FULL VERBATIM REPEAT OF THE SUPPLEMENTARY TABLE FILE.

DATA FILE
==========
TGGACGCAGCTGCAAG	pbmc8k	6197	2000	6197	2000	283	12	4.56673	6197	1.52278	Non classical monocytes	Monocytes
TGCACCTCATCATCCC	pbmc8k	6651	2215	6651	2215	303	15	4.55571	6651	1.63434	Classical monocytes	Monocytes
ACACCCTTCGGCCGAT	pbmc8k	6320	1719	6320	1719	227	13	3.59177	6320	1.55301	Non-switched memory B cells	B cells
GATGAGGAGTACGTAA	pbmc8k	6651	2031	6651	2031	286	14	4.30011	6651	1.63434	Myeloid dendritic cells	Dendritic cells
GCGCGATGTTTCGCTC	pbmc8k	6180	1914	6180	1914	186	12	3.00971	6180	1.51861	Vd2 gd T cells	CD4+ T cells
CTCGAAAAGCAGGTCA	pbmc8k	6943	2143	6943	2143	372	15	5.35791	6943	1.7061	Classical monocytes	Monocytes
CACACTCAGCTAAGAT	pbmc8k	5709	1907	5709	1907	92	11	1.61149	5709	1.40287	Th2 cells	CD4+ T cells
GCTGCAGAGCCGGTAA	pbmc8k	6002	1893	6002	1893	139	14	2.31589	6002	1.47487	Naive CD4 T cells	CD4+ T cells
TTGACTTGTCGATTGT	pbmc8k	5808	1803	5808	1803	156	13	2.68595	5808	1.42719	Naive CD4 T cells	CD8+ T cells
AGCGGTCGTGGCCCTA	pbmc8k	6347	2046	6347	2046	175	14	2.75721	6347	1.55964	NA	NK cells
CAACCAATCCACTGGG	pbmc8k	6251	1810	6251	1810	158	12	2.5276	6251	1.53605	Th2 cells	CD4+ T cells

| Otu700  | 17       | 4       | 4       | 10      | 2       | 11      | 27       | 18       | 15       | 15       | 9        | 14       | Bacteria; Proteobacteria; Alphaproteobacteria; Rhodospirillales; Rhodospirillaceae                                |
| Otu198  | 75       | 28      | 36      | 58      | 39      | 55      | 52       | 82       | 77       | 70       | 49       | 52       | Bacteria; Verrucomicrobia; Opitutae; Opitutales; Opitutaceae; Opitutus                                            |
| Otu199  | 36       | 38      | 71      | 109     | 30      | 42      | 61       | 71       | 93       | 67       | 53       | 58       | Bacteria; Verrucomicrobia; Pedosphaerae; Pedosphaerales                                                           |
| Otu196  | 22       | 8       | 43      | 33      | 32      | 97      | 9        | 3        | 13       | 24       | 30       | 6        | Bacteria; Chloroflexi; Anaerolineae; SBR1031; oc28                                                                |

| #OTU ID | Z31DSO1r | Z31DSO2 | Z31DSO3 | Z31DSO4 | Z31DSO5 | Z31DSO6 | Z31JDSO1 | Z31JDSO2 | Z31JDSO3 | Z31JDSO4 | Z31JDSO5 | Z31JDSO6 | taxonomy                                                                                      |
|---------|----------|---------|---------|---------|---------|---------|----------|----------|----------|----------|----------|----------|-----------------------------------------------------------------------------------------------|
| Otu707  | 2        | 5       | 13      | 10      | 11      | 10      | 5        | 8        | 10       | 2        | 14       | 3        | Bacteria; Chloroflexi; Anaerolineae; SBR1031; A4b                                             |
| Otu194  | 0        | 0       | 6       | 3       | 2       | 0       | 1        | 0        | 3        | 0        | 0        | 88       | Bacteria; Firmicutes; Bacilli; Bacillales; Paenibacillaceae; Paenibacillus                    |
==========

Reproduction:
TGGACGCAGCTGCAAG	pbmc8k	6197	2000	6197	2000	283	12	4.56673	6197	1.52278	Non classical monocytes	Monocytes
TGCACCTCATCATCCC	pbmc8k	6651	2215	6651	2215	303	15	4.55571	6651	1.63434	Classical monocytes	Monocytes
ACACCCTTCGGCCGAT	pbmc8k	6320	1719	6320	1719	227	13	3.59177	6320	1.55301	Non-switched memory B cells	B cells
GATGAGGAGTACGTAA	pbmc8k	6651	2031	6651	2031	286	14	4.30011	6651	1.63434	Myeloid dendritic cells	Dendritic cells
GCGCGATGTTTCGCTC	pbmc8k	6180	1914	6180	1914	186	12	3.00971	6180	1.51861	Vd2 gd T cells	CD4+ T cells
CTCGAAAAGCAGGTCA	pbmc8k	6943	2143	6943	2143	372	15	5.35791	6943	1.7061	Classical monocytes	Monocytes
CACACTCAGCTAAGAT	pbmc8k	5709	1907	5709	1907	92	11	1.61149	5709	1.40287	Th2 cells	CD4+ T cells
GCTGCAGAGCCGGTAA	pbmc8k	6002	1893	6002	1893	139	14	2.31589	6002	1.47487	Naive CD4 T cells	CD4+ T cells
TTGACTTGTCGATTGT	pbmc8k	5808	1803	5808	1803	156	13	2.68595	5808	1.42719	Naive CD4 T cells	CD8+ T cells
AGCGGTCGTGGCCCTA	pbmc8k	6347	2046	6347	2046	175	14	2.75721	6347	1.55964	NA	NK cells
CAACCAATCCACTGGG	pbmc8k	6251	1810	6251	1810	158	12	2.5276	6251	1.53605	Th2 cells	CD4+ T cells

| Otu700  | 17       | 4       | 4       | 10      | 2       | 11      | 27       | 18       | 15       | 15       | 9        | 14       | Bacteria; Proteobacteria; Alphaproteobacteria; Rhodospirillales; Rhodospirillaceae                                |
| Otu198  | 75       | 28      | 36      | 58      | 39      | 55      | 52       | 82       | 77       | 70       | 49       | 52       | Bacteria; Verrucomicrobia; Opitutae; Opitutales; Opitutaceae; Opitutus                                            |
| Otu199  | 36       | 38      | 71      | 109     | 30      | 42      | 61       | 71       | 93       | 67       | 53       | 58       | Bacteria; Verrucomicrobia; Pedosphaerae; Pedosphaerales                                                           |
| Otu196  | 22       | 8       | 43      | 33      | 32      | 97      | 9        | 3        | 13       | 24       | 30       | 6        | Bacteria; Chloroflexi; Anaerolineae; SBR1031; oc28                                                                |

| #OTU ID | Z31DSO1r | Z31DSO2 | Z31DSO3 | Z31DSO4 | Z31DSO5 | Z31DSO6 | Z31JDSO1 | Z31JDSO2 | Z31JDSO3 | Z31JDSO4 | Z31JDSO5 | Z31JDSO6 | taxonomy                                                                                      |
|---------|----------|---------|---------|---------|---------|---------|----------|----------|----------|----------|----------|----------|-----------------------------------------------------------------------------------------------|
| Otu707  | 2        | 5       | 13      | 10      | 11      | 10      | 5        | 8        | 10       | 2        | 14       | 3        | Bacteria; Chloroflexi; Anaerolineae; SBR1031; A4b                                             |
| Otu194  | 0        | 0       | 6       | 3       | 2       | 0       | 1        | 0        | 3        | 0        | 0        | 88       | Bacteria; Firmicutes; Bacilli; Bacillales; Paenibacillaceae; Paenibacillus                    |